So the results are in, and it’s an incredible and depressing first for a Star Wars film – Solo is a box-office bomb. The franchise and name recognition failed to save the movie, with middling reviews and a lack of fan enthusiasm. The previous Star Wars film, The Last Jedi, also proved controversial with audiences, despite being critically acclaimed. This led to rumours that ‘Lucasfilm’ president, Kathleen Kennedy, may step away from her position. Although there will be a number of articles defending her and what she has tried to do. They all share a common explanation for the issues – it’s the fans’ fault. But is that a fair judgement?
The implication is rooted in sexism and racism – that the Star Wars audience is comprised primarily of white males who are harassing female and black actors for daring to exist, let alone taking a starring role. This is an element that does exist – look at the horrendous trolls attacking Kelly Marie Tran (‘Rose’ in The Last Jedi) for proof of this), but it simply isn’t a large enough contingency to have caused the underperformance of Solo. Additionally, the fact that fans have been clamouring for films about Lando Calrissian and Mara Jade suggests that this isn’t what’s turning them off. In his piece defending Kennedy, Marc Bernardin wrote that some fans hated The Last Jedi because they saw it as ‘a social justice warrior remix of the Star Wars they grew up with’– is the issue then?
a lousy device to generate conflict and beat-down a hot-headed man for what seemed an entirely appropriate response to the situation
‘Rose’ and Laura Dern’s ‘Vice Admiral Holdo’ (not-so-affectionately nicknamed Admiral Gender Studies in many a review) were the ones that really came under fire. Holdo seemed used solely to antagonise ‘Poe Dameron’. She kept dismissing his concerns about the First Order while working on a secret evacuation plan to save the rebellion – a plan that she had no narrative reason to not tell Poe about which seemed like a lousy device to generate conflict and beat down a hot-headed man for what seemed an entirely appropriate response to the situation.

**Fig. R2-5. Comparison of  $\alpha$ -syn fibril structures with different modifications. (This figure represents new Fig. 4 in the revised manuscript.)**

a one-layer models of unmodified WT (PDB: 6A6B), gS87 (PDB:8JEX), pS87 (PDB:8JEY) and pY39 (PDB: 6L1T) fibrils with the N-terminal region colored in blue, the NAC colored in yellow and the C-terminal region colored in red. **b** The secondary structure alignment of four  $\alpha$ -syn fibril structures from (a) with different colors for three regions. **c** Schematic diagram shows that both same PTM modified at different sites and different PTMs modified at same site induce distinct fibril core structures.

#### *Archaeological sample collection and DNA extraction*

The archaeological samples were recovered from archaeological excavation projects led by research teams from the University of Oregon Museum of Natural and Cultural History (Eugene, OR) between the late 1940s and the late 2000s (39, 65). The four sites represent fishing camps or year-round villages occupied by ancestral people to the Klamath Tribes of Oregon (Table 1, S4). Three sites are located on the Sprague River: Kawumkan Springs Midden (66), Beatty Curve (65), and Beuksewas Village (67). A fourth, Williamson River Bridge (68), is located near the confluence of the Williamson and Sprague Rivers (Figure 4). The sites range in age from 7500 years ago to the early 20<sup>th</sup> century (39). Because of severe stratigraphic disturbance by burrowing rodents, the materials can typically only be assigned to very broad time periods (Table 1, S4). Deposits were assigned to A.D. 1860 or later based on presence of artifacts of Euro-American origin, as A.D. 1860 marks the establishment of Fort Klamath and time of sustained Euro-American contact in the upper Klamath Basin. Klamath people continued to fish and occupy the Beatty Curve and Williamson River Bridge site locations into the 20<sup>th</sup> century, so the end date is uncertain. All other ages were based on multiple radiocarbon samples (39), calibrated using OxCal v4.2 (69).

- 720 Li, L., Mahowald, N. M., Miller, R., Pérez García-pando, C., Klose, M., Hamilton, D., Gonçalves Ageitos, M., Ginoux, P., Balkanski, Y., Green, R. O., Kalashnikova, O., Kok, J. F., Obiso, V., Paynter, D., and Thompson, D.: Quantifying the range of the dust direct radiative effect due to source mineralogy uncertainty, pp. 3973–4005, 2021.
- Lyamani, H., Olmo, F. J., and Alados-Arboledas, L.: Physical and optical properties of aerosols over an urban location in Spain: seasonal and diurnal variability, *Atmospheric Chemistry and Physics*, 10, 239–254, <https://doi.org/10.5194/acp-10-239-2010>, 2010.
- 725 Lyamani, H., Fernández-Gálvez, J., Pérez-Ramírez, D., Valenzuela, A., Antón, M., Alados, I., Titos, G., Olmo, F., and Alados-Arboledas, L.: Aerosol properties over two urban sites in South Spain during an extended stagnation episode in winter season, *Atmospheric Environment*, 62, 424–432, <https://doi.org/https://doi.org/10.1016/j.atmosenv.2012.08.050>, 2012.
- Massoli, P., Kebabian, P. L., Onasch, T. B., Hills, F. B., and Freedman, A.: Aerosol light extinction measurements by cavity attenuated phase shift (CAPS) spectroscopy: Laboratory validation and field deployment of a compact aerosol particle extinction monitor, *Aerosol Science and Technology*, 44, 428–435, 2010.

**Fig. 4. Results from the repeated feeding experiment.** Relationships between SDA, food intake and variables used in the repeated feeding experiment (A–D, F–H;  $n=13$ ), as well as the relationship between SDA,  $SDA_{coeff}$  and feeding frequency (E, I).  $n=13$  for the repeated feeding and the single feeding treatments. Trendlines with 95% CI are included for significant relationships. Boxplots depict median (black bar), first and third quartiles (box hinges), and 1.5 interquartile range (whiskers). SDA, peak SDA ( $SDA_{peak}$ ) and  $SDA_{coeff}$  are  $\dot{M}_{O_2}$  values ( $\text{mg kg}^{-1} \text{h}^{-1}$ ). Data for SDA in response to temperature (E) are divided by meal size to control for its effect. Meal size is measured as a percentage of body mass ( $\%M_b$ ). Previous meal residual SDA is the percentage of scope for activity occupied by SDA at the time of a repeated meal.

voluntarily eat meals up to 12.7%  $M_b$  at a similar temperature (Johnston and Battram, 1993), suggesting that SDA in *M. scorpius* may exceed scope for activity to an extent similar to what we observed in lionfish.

Poe’s plan helped lead to the Rose storyline, which was essentially a huge waste of 40 minutes in the longest Star Wars film to date. It was slated as reminiscent of the prequels, and out of step with the rest of the film (despite being in a massive race against time, Rose finds time to save some mistreated animals in what was assumedly intended as characterisation). Added onto this was Rose preventing ‘Finn’s heroic sacrifice on the planet of Crait, because she’s in love with him – something which wasn’t built up to in any way, and seemed completely unnecessary. The criticism of Rose was more down to her character being underdeveloped and a massive waste of time.
the film was simply too unlike a Star Wars film
Fans had many other complaints – the underuse of ‘Snoke’, the portrayal of ‘Luke’, the failure to carry some of the plot threads from The Force Awakens, and the general feeling that the film was simply too unlike a Star Wars film. In fact, the films have been so underwhelming that it has led to many fans claiming they have given up entirely on the franchise. After The Force Awakens, everyone was very excited to see what came next – after The Last Jedi, a lot of people simply do not give a damn.
This leads to some questions – how far should the studio go to cater to fans? But, more importantly, what do they actually want? It’s easy to suggest that it’s more white male characters, but we just saw a Star Wars film with a white male lead (and one of the most popular film characters in history, no less) flop hard. Rather, I would suggest, it’s simply a demand for interesting stories and well-written characters, and the two do have to go hand-in-hand. Fans have always hated the unnecessary fluff and boring stuff in the Star Wars franchise (Ewoks, ‘Jar Jar’ and trade talks, I’m looking at you), but it seems like there’s so much more of it recently.
blaming the fans for failing to respond positively to poorly-written characters and dull narratives is lazy
There are loudmouth trolls criticising the series and its cast, but they’re not the reason that it’s running into trouble. Blaming the fans for failing to respond positively to poorly-written characters and dull narratives is lazy and it ignores the real problems in these recent Star Wars films – they just aren’t very good or original. Burning bridges with the audience you want to watch your films is a suicidal marketing strategy, and hopefully one that the studio will ditch prior to Episode IX.